4 seedling growth inhibitors root shoot
4. Seedling Growth Inhibitors (Root & Shoot)
  • 2 types of MOA: microtubule inhibitors and cell wall (cellulose) biosynthesis inhibitors.
  • They inhibit root and shoot development (depending upon where they are absorbed) by interfering with cell division in meristematic areas.
  • Effective only on germinating, small-seeded annual grasses and some broadleaves (seedling selective, systemic, pre-emergence).
  • Have little to no post-emergence activity.
Consist of dinitroanilines, nitriles, pyridines, benzamides, carbamates and benzoic acids (DCPA).
  • Depending upon the herbicide and crop, often incorporated into the soil (esp. dinitroanilines).
  • Have relatively long residual activity (half-life more than a year).
  • Water insoluble and are subject to photo-degradation.
5 seedling growth inhibitors shoot
5. Seedling Growth Inhibitors (Shoot)
  • Divided into 2 MOAs: lipid synthesis inhibitors (not ACCase) & cell division inhibitors (VLCFA synthesis). Applied as pre-emergence/planting.
  • Considered to be seedling shoot growth inhibitors. These herbicides cause abnormal cell development or prevent cell division in germinating seedlings.
  • Seedling-selective & systemic. Most effective on annual grasses and sedges, some can control small-seeded annual broadleaves.
Lipid synthesis inhibitors need soil incorporation, absorbed readily by emerging shoots.
  • Cell division inhibitors absorbed by emerging shoots and roots.
  • No control of established weeds.
  • Have a relatively short persistence in soil. Half-life 4-8 weeks for VLCFA inhibitors and 3-6 weeks for cell division inhibitors.
  • Consist of chloroacetamides, oxyacetamides, acetamides (VLCFA inhibitors) & thiocarbamates, phosphorodithioates, benzofurans (lipid synthesis inhibitors).
6 photosynthesis at ps ii inhibitors
6. Photosynthesis (at PS II) Inhibitors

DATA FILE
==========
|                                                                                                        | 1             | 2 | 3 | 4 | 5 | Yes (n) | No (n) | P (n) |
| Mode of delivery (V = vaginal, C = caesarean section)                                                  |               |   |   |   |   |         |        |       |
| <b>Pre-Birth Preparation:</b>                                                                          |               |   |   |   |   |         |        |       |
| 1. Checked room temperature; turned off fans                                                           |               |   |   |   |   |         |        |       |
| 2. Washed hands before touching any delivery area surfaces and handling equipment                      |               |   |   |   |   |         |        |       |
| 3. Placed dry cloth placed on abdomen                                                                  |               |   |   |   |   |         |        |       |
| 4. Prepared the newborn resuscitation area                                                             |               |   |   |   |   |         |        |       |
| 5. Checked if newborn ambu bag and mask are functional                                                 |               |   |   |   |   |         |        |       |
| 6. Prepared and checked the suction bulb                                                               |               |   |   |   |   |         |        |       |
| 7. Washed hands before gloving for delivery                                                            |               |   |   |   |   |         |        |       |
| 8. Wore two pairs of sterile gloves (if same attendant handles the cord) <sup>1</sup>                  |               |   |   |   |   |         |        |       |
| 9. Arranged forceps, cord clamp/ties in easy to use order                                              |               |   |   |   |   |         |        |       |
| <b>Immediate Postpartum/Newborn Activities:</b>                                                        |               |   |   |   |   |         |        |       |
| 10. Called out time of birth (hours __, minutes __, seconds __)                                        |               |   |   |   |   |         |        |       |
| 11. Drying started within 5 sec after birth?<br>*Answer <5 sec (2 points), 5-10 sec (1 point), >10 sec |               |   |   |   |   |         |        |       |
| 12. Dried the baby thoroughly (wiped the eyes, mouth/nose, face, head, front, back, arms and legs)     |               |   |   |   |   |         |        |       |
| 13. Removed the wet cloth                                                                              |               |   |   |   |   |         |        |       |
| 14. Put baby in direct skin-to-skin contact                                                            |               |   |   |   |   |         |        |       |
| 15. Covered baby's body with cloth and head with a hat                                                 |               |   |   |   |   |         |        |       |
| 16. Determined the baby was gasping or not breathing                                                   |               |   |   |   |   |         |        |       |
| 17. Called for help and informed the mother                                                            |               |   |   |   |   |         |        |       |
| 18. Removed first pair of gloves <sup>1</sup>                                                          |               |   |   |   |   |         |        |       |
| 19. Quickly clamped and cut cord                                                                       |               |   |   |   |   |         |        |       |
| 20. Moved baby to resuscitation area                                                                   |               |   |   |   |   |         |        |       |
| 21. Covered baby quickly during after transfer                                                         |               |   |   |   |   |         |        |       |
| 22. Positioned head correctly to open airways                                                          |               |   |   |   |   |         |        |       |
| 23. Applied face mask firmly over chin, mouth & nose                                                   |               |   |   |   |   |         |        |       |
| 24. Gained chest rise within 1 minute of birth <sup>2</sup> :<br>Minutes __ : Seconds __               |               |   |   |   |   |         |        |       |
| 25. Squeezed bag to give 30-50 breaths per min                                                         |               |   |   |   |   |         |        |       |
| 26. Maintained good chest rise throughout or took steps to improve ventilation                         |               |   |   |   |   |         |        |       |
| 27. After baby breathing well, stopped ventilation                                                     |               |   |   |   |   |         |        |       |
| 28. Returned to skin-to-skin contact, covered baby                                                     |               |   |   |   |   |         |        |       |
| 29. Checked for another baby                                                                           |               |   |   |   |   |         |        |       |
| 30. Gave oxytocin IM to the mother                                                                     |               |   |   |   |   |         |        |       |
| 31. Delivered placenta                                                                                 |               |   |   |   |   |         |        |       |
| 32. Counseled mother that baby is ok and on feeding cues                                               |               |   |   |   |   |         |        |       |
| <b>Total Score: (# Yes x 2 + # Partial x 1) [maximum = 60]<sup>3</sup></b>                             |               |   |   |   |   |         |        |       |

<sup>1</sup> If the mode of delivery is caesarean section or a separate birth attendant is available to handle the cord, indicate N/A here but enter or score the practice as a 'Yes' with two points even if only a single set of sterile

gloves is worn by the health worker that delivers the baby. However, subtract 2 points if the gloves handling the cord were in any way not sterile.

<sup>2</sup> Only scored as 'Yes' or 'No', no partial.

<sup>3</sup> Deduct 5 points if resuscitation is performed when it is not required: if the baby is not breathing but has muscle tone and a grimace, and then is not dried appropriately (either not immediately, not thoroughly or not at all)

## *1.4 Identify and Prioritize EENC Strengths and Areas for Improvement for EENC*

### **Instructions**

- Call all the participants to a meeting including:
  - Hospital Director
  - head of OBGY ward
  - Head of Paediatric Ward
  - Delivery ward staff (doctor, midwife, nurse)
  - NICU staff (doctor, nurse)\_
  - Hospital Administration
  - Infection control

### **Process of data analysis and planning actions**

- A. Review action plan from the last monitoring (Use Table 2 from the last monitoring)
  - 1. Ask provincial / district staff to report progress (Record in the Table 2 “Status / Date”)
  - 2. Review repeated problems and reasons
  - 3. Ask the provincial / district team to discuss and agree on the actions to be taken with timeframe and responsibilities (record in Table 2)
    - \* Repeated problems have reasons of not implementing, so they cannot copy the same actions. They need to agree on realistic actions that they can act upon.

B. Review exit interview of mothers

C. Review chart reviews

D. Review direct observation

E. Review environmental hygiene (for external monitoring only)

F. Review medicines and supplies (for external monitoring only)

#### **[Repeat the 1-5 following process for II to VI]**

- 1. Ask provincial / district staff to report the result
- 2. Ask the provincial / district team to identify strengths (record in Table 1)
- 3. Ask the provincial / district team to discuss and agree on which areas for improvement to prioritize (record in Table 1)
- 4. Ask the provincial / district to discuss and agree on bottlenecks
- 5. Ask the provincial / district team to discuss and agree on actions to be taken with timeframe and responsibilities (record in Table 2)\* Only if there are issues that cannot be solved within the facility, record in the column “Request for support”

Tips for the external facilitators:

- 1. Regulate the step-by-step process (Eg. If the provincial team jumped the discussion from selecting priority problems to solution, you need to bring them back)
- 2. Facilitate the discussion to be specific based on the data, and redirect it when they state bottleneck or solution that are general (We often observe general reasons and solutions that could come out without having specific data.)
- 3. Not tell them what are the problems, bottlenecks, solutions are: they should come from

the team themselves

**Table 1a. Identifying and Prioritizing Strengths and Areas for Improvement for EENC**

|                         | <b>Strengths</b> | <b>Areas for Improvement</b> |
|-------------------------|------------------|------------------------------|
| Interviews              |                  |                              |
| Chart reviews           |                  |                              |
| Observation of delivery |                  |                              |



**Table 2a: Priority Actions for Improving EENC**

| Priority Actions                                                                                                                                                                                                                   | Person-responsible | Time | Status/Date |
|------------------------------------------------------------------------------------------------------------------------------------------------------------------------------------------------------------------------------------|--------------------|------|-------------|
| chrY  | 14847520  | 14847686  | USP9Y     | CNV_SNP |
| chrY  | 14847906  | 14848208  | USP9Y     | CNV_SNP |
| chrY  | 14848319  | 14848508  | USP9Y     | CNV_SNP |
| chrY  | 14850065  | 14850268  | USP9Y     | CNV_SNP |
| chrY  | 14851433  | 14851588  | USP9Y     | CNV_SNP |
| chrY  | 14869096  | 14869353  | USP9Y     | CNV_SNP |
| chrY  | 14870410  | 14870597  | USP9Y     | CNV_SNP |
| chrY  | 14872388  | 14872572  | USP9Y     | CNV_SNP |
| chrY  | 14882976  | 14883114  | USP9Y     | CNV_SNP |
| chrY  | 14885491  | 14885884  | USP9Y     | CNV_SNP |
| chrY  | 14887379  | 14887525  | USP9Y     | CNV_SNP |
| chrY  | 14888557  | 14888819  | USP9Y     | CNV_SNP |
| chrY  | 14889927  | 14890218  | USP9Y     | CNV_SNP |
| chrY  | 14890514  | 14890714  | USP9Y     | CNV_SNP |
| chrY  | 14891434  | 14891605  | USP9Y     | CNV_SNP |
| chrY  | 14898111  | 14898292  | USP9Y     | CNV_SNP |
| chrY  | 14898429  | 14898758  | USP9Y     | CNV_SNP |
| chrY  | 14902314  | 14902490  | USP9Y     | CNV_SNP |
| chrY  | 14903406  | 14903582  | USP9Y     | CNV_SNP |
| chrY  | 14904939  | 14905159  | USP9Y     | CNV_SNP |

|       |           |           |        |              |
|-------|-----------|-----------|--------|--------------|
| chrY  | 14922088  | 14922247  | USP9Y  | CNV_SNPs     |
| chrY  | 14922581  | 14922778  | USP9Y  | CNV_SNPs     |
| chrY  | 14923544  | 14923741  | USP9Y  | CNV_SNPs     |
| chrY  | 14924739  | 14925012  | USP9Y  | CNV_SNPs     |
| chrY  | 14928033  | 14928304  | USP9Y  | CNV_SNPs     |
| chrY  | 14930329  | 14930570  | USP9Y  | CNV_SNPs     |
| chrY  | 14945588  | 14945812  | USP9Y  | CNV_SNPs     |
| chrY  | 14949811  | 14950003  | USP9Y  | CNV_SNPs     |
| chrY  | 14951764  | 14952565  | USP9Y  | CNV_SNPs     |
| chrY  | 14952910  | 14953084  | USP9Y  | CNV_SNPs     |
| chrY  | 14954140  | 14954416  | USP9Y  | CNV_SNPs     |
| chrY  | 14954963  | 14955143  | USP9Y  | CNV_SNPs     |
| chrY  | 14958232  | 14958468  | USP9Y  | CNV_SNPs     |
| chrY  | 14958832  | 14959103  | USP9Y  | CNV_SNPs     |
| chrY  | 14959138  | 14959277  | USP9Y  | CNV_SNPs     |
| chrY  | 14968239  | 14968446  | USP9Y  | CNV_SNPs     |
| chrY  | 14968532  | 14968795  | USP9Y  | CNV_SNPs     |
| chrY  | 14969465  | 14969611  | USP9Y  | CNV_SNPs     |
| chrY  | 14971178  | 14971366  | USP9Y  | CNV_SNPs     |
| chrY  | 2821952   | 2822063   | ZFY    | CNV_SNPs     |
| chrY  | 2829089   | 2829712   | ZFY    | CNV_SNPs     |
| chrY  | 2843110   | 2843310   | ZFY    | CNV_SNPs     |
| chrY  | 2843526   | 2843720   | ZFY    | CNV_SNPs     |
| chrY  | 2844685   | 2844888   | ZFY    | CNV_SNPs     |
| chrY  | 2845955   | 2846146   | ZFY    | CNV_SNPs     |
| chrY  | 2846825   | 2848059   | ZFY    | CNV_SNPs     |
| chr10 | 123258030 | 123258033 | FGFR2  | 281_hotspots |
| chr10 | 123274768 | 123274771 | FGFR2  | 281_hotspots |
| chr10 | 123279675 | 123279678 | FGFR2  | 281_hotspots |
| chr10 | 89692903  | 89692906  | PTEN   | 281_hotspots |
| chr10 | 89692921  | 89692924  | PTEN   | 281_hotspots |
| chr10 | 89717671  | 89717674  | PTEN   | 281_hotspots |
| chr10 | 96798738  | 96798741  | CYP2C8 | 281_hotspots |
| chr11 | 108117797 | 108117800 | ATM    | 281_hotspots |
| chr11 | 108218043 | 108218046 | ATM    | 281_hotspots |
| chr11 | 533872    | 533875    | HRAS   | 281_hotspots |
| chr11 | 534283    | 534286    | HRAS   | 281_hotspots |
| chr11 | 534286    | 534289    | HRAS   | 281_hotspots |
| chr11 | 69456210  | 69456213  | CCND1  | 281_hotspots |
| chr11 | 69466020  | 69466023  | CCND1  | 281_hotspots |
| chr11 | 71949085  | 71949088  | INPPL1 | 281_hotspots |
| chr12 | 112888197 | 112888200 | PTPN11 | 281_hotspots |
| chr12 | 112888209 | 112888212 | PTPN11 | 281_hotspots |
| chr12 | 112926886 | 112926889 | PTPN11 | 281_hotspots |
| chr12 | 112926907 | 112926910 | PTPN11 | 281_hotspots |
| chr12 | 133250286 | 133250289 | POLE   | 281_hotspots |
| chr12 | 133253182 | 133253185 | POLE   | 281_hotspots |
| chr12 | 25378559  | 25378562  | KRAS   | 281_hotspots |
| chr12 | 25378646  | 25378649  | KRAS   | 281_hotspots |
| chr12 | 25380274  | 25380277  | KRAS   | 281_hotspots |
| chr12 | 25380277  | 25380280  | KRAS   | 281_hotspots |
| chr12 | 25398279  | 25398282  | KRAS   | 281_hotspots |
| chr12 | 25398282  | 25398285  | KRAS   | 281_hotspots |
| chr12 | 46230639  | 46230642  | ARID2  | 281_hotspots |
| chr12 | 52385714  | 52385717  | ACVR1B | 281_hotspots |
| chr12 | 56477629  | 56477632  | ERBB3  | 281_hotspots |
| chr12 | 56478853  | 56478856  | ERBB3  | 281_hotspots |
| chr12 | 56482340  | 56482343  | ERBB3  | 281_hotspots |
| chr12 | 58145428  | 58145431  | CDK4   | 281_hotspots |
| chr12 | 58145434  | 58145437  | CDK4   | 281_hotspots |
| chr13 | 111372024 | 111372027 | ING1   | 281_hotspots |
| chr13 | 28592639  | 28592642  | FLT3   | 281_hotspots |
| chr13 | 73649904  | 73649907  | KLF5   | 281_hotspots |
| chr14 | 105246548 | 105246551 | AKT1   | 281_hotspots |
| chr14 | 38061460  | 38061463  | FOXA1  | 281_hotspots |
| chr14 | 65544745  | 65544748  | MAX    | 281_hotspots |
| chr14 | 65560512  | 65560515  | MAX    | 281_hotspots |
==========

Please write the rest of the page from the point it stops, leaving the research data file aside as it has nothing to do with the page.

• Divided into 2 types: mobile/slow acting – soil applied herbicides (pre-& post-emergence); and non-mobile/rapid acting – foliar applied herbicides (post-emergence). Both systemic.
  • Triazines, triazinones, uracils, phenyl-carbamates, ureas, amides (soil applied) & nitriles, phenyl-pyridazines, benzothiadiazinones (foliar applied) are structurally diverse chemical groups but have similar MOA.
  • These herbicides are effective primarily on annual broadleaves (selective), however at certain rates, some provide control of grasses as well.
Foliar applied; absorbed by leaf, block the photosynthetic process so captured light cannot be used to produce sugars.
  • Soil-applied, these herbicides permit normal seed germination and seedling emergence, but when the seeds’ food supply gone, the seedlings die of starvation.
  • These herbicides are more effective on seedling weeds than on established perennial weeds.
  • Some herbicides under ureas family such as prometon and tebuthiuron are considered soil sterilants.
  • Relatively long persistence. Soil half-life: 60 – 120 days.
7 cell membrane disrupters
7. Cell Membrane Disrupters
  • Consist of two MOA: Protoporphyrinogen IX oxidase (PPO) inhibitors (selective) and PS I inhibitors (non-selective). Both post-emergence.
  • PPO inhibitors: diphenylethers, phenylpyrazoles, N-phenylphthalimides, thiadiazoles, oxadiazoles, pyrimidindiones & triazolinone; PS I inhibitor: bipyridiliums (paraquat & diquat).
  • PPO inhibitors control almost all broadleaves, although some have some activity on grasses.
  • PS I inhibitors provide broad-spectrum control of many different species.
Paraquat: extremely toxic, no antidote so far. 5-10 ml fatal to human.
  • Referred to as contact herbicides & kill weeds by destroying cell membranes.
  • They appear to burn plant tissues or desiccation within hours or days of application.
  • A very good coverage of the plant tissue and bright sunlight are necessary for maximum activity.
  • The activity of these herbicides is delayed in the absence of light.
  • PS I inhibitors are extremely tightly bound to soil colloids, especially clay (no root uptake). Because of binding to soil, bipyridyliums have no phytotoxicity in soil (no/very limited soil activity).
  • Soil half-life for PPO inhibitors: varies among chemical groups. Can be as short as 5 days or long (100-280 days).
8 pigment inhibitors bleaching agents
8. Pigment Inhibitors (Bleaching Agents)